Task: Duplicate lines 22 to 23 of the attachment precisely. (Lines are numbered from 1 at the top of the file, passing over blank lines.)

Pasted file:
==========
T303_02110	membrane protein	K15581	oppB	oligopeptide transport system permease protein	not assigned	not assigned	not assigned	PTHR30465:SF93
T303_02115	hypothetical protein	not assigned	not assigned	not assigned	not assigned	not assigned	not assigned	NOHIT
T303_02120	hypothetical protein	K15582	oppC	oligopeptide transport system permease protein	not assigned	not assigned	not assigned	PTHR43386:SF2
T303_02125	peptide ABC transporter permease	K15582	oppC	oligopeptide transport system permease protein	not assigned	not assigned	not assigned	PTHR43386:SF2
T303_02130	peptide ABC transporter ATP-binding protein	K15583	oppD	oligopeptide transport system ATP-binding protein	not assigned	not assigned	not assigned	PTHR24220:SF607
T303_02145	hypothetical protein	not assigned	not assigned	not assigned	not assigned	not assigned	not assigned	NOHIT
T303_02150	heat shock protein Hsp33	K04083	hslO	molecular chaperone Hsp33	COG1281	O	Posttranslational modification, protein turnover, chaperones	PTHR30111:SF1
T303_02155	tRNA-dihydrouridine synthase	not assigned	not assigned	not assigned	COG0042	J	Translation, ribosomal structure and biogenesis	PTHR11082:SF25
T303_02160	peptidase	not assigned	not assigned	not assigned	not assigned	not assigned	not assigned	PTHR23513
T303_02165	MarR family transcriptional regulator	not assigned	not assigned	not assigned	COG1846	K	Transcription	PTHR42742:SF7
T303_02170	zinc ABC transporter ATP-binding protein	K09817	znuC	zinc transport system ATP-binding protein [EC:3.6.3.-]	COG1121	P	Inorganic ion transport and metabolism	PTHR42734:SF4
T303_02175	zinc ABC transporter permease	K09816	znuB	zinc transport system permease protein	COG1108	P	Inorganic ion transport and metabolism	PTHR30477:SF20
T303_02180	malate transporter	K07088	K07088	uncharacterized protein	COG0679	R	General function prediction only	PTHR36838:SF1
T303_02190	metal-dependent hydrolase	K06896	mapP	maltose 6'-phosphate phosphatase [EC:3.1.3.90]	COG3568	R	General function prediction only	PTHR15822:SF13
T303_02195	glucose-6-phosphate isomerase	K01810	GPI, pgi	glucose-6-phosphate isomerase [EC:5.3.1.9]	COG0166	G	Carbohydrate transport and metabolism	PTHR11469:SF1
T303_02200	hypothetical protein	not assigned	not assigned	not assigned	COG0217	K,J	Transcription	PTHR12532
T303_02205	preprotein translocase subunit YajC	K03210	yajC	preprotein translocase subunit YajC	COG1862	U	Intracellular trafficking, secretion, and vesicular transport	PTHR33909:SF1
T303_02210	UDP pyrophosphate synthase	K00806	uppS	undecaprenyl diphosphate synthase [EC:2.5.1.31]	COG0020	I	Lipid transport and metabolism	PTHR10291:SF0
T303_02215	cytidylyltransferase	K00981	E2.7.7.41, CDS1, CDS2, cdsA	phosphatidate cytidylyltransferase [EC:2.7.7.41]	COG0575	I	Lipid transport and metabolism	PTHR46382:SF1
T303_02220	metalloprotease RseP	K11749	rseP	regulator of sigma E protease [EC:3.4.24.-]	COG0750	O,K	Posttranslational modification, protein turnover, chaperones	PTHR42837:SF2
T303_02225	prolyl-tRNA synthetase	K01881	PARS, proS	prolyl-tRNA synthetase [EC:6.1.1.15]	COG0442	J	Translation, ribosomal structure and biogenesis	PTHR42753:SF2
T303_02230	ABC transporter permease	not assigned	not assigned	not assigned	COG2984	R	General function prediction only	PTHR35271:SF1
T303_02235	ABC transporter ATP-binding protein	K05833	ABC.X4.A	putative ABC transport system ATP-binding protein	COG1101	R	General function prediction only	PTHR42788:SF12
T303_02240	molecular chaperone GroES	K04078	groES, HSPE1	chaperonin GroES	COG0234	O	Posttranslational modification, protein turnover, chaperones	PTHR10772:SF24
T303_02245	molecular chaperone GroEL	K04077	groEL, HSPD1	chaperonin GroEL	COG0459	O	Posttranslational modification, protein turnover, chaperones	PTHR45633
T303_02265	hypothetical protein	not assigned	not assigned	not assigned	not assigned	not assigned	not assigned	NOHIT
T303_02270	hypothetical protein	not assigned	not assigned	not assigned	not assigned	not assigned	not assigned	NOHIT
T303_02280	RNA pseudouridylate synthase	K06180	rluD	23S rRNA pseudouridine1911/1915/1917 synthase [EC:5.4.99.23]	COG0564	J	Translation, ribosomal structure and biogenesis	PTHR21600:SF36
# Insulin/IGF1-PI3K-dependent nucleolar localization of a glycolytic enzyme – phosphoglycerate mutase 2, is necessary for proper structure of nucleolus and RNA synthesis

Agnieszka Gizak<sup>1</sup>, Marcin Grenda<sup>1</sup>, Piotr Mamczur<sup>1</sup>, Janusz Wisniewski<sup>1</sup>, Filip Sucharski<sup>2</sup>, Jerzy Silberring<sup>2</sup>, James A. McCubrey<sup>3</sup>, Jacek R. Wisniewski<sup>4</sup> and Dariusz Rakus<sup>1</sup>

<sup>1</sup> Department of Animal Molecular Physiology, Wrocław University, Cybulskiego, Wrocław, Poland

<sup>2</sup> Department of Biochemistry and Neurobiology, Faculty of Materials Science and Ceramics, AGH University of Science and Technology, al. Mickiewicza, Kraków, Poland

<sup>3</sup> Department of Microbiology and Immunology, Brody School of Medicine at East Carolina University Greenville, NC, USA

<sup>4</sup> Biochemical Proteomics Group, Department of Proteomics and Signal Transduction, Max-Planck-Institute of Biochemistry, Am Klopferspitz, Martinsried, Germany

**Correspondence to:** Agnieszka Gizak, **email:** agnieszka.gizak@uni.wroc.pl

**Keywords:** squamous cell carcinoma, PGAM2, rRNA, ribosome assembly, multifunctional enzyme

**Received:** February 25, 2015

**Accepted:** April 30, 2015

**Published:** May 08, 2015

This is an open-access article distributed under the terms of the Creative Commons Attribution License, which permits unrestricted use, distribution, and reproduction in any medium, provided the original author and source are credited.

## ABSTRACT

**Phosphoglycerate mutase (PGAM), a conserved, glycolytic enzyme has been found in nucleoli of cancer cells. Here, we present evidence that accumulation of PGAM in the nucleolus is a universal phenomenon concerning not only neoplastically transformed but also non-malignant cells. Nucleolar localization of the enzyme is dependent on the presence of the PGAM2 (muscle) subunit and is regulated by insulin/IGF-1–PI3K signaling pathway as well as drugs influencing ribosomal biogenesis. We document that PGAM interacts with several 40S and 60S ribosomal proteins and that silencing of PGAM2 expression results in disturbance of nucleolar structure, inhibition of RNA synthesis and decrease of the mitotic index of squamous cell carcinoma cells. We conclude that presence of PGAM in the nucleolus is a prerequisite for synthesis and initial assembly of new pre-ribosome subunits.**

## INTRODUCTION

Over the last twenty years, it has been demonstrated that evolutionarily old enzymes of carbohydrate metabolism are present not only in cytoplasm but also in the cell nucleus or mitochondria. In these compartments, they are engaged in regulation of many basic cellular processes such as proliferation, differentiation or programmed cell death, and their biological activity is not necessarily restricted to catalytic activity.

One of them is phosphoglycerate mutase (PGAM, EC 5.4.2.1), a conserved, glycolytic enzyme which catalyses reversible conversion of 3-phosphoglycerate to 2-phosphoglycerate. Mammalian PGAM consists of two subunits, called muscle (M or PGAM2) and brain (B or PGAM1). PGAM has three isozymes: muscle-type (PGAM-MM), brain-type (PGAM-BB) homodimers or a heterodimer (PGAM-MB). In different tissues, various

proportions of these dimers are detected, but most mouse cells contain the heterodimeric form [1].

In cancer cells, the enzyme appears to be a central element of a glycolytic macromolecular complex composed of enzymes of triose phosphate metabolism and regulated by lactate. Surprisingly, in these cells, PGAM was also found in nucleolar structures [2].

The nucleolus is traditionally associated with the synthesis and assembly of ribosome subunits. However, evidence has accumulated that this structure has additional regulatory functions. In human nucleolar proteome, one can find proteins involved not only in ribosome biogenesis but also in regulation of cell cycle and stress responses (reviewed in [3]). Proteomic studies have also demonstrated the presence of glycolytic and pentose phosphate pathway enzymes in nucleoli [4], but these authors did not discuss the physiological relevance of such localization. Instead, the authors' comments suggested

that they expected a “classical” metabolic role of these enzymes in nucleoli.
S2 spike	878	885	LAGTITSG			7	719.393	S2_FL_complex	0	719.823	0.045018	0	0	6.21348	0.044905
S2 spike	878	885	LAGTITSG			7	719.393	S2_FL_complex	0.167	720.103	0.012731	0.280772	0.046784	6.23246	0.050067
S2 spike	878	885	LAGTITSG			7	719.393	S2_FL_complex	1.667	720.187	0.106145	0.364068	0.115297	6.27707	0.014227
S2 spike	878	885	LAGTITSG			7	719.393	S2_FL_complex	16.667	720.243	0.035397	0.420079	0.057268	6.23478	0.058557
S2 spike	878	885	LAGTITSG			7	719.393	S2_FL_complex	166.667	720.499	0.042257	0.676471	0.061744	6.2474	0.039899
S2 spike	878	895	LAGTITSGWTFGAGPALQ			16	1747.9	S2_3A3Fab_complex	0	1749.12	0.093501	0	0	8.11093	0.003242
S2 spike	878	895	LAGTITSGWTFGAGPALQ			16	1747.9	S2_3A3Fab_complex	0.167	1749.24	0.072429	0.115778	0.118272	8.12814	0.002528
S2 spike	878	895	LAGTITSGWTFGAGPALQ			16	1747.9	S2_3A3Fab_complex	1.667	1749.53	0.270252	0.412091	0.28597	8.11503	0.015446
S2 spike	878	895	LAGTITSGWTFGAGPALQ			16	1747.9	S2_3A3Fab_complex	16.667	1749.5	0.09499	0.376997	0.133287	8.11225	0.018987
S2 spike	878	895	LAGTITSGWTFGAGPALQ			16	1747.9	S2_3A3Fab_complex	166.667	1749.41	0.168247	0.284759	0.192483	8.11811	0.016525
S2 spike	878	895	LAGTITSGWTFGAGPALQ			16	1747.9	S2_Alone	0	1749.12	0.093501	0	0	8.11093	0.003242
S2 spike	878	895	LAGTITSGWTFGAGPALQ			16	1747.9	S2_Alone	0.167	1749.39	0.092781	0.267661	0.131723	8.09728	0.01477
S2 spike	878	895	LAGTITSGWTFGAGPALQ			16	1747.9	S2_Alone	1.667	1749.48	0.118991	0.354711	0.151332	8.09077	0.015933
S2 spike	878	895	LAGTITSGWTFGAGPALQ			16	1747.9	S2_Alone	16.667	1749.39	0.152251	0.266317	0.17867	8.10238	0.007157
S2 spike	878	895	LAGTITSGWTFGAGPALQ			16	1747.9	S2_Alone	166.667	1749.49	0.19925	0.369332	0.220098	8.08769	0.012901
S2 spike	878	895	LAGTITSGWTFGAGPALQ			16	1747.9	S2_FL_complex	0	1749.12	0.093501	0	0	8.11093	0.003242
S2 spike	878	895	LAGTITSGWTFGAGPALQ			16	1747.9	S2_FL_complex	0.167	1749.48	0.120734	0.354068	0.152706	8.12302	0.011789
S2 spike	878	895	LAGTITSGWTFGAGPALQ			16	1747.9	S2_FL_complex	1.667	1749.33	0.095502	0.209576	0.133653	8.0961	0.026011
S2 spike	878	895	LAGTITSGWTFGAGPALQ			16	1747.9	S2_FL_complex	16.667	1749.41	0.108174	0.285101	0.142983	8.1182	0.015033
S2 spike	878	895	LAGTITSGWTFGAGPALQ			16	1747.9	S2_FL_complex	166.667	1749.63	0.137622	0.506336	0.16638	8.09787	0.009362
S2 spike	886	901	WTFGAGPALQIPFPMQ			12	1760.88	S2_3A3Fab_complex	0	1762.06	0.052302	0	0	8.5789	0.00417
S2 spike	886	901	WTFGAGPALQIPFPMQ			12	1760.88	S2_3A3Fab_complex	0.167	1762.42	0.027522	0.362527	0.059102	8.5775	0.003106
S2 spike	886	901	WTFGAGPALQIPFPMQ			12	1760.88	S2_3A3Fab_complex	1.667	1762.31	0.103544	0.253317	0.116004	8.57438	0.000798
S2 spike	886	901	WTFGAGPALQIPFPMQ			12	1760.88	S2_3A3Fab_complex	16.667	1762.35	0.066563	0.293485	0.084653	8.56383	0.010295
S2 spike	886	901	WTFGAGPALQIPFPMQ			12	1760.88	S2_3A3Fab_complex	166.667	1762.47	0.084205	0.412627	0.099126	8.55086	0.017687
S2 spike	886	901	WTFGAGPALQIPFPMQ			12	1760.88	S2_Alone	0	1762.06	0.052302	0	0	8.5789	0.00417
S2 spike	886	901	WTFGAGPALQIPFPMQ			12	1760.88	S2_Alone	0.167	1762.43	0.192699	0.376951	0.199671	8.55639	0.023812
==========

T303_02230	ABC transporter permease	not assigned	not assigned	not assigned	COG2984	R	General function prediction only	PTHR35271:SF1
T303_02235	ABC transporter ATP-binding protein	K05833	ABC.X4.A	putative ABC transport system ATP-binding protein	COG1101	R	General function prediction only	PTHR42788:SF12